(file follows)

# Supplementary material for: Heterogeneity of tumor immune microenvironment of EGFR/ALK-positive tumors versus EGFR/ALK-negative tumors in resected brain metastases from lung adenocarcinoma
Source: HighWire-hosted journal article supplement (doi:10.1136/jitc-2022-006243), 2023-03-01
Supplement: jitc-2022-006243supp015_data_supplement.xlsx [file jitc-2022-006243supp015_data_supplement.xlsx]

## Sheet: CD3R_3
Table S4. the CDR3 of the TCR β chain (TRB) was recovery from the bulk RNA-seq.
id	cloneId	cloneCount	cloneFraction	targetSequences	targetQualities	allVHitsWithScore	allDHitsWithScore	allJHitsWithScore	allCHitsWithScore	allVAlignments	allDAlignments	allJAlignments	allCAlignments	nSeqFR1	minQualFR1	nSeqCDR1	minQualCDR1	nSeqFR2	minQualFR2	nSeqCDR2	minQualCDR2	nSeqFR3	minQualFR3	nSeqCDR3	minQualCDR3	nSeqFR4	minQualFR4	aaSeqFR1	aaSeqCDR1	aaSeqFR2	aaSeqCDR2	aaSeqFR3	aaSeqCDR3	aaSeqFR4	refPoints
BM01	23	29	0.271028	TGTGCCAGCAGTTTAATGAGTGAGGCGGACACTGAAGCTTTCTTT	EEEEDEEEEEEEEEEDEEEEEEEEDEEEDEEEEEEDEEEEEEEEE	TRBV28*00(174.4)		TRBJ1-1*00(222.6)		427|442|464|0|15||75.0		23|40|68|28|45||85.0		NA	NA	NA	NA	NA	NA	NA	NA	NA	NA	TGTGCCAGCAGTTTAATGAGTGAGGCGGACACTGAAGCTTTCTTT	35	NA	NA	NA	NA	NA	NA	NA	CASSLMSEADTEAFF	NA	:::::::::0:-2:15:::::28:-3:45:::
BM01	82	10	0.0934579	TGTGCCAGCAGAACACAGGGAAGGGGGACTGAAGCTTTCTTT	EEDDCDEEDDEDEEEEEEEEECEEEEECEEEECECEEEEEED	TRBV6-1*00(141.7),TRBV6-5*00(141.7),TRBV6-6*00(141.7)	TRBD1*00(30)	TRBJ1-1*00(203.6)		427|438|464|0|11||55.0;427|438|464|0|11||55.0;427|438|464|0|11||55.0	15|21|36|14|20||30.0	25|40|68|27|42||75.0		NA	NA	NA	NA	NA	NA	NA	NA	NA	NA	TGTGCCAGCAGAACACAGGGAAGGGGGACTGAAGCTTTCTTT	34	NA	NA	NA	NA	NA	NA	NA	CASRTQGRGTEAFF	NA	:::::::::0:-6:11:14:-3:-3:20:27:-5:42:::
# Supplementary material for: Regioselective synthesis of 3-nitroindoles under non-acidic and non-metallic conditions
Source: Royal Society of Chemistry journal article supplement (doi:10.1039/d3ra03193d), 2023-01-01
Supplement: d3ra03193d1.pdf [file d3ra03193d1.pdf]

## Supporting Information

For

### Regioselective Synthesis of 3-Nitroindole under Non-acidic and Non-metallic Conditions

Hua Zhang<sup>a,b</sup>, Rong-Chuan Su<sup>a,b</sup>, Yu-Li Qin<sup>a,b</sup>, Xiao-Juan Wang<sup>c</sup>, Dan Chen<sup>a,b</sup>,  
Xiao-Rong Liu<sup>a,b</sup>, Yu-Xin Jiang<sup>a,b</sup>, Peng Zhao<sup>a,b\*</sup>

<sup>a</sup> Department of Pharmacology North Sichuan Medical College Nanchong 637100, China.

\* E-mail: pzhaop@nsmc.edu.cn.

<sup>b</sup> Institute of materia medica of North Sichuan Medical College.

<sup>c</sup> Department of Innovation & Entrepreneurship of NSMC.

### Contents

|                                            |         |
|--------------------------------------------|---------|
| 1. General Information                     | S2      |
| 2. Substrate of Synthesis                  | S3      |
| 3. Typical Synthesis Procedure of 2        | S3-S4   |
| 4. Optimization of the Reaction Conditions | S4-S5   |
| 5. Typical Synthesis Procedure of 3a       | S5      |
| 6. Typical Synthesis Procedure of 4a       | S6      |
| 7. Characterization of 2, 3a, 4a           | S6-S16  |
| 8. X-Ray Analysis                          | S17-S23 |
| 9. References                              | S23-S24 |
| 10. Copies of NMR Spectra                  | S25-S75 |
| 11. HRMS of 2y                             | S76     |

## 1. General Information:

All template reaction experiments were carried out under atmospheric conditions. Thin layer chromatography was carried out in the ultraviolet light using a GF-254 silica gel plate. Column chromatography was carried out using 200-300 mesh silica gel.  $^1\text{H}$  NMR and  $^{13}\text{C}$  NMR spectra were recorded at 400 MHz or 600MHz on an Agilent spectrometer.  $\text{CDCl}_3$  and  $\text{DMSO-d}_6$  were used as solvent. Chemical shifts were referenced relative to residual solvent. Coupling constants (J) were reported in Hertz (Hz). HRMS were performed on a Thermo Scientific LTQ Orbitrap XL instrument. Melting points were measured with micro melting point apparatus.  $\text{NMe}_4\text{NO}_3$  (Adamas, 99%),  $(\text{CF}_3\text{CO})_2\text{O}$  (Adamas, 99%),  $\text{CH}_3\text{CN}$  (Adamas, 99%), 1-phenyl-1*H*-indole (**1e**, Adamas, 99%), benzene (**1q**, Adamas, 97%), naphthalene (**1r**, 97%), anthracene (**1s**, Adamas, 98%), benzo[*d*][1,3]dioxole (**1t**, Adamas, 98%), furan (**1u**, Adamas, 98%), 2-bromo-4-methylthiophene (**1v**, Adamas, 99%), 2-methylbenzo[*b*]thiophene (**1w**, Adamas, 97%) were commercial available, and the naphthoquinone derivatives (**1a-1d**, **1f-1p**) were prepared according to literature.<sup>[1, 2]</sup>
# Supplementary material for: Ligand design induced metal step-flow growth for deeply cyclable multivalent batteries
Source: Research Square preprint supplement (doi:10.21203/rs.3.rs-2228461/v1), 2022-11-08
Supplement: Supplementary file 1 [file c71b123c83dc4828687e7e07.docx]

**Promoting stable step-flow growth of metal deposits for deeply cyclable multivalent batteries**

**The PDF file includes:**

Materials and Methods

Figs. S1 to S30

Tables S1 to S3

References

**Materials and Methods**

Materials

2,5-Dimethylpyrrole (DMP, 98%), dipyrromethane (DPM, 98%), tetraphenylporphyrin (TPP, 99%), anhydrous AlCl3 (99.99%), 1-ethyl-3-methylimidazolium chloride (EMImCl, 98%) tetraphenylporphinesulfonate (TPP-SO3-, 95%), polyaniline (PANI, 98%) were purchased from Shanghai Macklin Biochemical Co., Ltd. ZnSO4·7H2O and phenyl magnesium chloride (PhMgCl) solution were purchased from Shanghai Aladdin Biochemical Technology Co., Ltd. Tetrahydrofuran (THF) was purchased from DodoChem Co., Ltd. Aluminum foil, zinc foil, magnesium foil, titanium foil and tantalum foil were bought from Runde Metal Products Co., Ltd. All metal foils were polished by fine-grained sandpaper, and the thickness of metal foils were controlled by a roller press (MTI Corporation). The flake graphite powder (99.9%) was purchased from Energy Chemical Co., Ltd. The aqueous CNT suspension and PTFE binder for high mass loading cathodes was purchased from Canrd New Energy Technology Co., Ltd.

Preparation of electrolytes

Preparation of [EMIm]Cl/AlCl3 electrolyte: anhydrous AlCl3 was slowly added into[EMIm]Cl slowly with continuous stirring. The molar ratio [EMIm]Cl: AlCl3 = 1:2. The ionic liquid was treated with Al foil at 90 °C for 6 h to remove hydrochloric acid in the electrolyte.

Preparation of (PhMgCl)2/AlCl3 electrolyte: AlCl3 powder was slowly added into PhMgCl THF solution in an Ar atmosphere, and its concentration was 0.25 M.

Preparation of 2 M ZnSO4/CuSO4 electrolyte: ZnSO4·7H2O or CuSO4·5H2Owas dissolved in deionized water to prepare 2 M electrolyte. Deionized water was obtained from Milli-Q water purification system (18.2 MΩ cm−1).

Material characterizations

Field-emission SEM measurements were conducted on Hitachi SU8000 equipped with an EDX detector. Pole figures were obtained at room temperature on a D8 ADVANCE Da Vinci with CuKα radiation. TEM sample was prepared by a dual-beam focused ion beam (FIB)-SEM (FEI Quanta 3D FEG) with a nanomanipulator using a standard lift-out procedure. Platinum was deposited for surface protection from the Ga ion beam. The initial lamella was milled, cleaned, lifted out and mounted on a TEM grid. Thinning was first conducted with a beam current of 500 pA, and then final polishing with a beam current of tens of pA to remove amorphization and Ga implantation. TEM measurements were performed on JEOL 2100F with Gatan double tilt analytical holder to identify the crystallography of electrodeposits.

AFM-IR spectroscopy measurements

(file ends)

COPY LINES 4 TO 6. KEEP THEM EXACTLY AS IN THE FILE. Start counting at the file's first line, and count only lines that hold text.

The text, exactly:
## Sheet: CD3R_3
Table S4. the CDR3 of the TCR β chain (TRB) was recovery from the bulk RNA-seq.
id	cloneId	cloneCount	cloneFraction	targetSequences	targetQualities	allVHitsWithScore	allDHitsWithScore	allJHitsWithScore	allCHitsWithScore	allVAlignments	allDAlignments	allJAlignments	allCAlignments	nSeqFR1	minQualFR1	nSeqCDR1	minQualCDR1	nSeqFR2	minQualFR2	nSeqCDR2	minQualCDR2	nSeqFR3	minQualFR3	nSeqCDR3	minQualCDR3	nSeqFR4	minQualFR4	aaSeqFR1	aaSeqCDR1	aaSeqFR2	aaSeqCDR2	aaSeqFR3	aaSeqCDR3	aaSeqFR4	refPoints